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When You “Cue” Your Kids for Talk Time—Our Talking Song
“Talk to me; show me that you care. Talk to me; listen to the words I say. Talk to me; there’s so much we can share. I know you love me when you talk to me.”
I can still sing it from memory. And so can my kids. It was our talk song. And now I am crying.
Years ago we used to listen to a “cassette” that had this catchy, heart-warming song on it about talking. The chorus was that “talk to me” line above. I wish you could hear it being sung as it is so sweet.
Like a lot of things that we heard, read, or watched together as a family, it became part of us. And we used it…over and over and over again. And never tired of.
Do you state more than ask? Do your sentences to your children almost always end with a period rather than a question mark? If so, you might need to learn the lost of art of asking questions to build relationships (with your kids and others!).
Many years ago we were introduced to the concept of teaching like Jesus taught. We have since delved into that further, realizing that Jesus was not only a model of how to teach concepts to our children, but he was also the epitome of relationship building with people. This has helped us in our parenting and discipling of our children in general (not just in “teaching” or homeschooling). Continue reading →
Besides the “techno free” zones and “sitting in your house” that I described in earlier posts, drive time has come to be a meaningful talk time for our family. (See Who’s Got Their Shoes On? for more one-on-one vehicle talking tips.) In this drive time post, I just want to encourage families in general to reduce the “independent” times in the vehicle and make drive time more “community” time.
What is a techno-free zone today? I remember when we would have our nightly living room meetings with our teens and pre-teens before they went to bed at night. We only had a television on a cart in our bedroom closet that we would pull out to watch things together as a family. We had one desk top computer in the dining room—an open room between the kitchen and living room. And that was it. Period.
Techno-free zones were easy to come by for us.
It got harder as the kids got older. We eventually had to declare techno free talks—phones off, etc.
WHEN YOU “SIT” IN YOUR HOUSE—PREFERABLY IN A TECHNO-FREE ZONE
Out of all of the times/places that we are told to teach our children diligently in Deuteronomy, “when you sit in your house” has got to be the most challenging. Over twenty-five years ago, Gregg Harris gave us the greatest advice in his parenting seminar (that we have used weekly and teach others to do the same): Whatever is important to you to do with your children should be attached to something that is already in the schedule. Thus, we attached reading together to rising/going to bed; we attach family prayer to meals; etc. However, finding time to “sit in your house” is another matter—and one that I would like to address as a talk time in this blog post.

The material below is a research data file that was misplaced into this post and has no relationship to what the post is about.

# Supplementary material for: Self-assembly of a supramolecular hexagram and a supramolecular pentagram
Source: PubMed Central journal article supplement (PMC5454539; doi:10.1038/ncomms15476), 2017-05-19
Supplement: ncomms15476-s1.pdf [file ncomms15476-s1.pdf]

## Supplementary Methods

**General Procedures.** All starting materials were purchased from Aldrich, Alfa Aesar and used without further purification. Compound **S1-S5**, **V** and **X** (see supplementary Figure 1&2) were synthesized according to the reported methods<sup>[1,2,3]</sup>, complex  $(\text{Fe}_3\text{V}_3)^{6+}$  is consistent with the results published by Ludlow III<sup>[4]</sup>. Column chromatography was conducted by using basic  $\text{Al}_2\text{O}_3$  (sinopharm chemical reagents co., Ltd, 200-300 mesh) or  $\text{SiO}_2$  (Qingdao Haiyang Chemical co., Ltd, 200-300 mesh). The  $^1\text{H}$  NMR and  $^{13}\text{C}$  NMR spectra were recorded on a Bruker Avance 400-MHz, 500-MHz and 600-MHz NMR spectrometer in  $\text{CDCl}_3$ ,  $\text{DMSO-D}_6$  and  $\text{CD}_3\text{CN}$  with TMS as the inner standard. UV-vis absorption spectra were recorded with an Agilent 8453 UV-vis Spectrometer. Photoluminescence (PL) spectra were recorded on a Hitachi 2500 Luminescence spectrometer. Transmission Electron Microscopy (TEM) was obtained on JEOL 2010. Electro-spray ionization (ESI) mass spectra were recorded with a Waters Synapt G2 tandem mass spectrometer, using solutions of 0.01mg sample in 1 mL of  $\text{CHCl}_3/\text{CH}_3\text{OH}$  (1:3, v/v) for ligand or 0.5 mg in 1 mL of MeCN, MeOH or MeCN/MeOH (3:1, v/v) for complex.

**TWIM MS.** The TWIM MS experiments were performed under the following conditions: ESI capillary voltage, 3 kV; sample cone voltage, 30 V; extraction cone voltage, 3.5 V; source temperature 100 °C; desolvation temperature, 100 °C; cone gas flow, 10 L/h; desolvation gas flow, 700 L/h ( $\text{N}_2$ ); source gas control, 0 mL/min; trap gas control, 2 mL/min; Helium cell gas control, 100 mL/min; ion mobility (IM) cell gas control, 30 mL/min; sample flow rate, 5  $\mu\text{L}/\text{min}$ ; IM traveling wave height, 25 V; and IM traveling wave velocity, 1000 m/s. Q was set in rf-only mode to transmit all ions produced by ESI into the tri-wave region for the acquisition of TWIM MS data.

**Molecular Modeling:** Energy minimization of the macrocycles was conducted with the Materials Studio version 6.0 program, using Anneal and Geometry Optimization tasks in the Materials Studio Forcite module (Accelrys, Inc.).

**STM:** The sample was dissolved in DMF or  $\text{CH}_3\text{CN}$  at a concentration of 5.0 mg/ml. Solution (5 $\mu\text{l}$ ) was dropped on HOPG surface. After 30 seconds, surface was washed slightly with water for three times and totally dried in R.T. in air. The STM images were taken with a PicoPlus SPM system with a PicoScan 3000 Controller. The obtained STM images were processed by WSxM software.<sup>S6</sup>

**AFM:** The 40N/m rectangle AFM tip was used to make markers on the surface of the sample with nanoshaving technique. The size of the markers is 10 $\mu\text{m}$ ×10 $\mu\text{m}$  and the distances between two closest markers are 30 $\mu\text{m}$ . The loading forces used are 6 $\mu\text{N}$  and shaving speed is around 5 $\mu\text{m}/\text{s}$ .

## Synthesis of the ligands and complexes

In the last “talking” post, I described a time in which talking isn’t needed at all. (You can read that here.) Those times are not all that frequently, however, since usually our kids have wanted our input, advice, and help. (And if they didn’t want it, they probably really needed it, so it was up to us to find a way to make it happen.)
To balance that “just listen” vs. “give too much input,” we came up with a solution that has become a popular buzzword in our home.
The scene was the same for our three girls and Mom and Dad—time to gather in the living room with calendars in hand, ready to go over the upcoming weeks and months to be sure we have everything down on the schedule—and to be sure that we have plenty of time set aside for each other and our family. What wasn’t the same was the addition of our future son-in-law—a sweet, amazing young man who has no need for meetings, sitting for long periods of time listening to three teenage/young adult girls and their parents gab. His response to our “calendar meeting” was hilarious as he put a pillow over his head and kept coming up periodically to ask if it was almost over!
When our older kids turned twelve (girls) or thirteen (boys), they began to have a special privilege known as “half birthday dates.” At the 12 ½ (or 13 ½) year old mark, that child got taken out to dinner with Mom and Dad for a unique dinner date.
One of the places in our home in which lively discussions were usually held (and continue to be so, especially when all thirteen of us are home together!) is the dinner table. There is a lot of talk online and other places about the importance of the family dinner table. I am so grateful that we took the time to be sure that we ate four or five meals a week together in the evening—around the table.
Here are some tips to get your family dinner time back—and get your table talk on: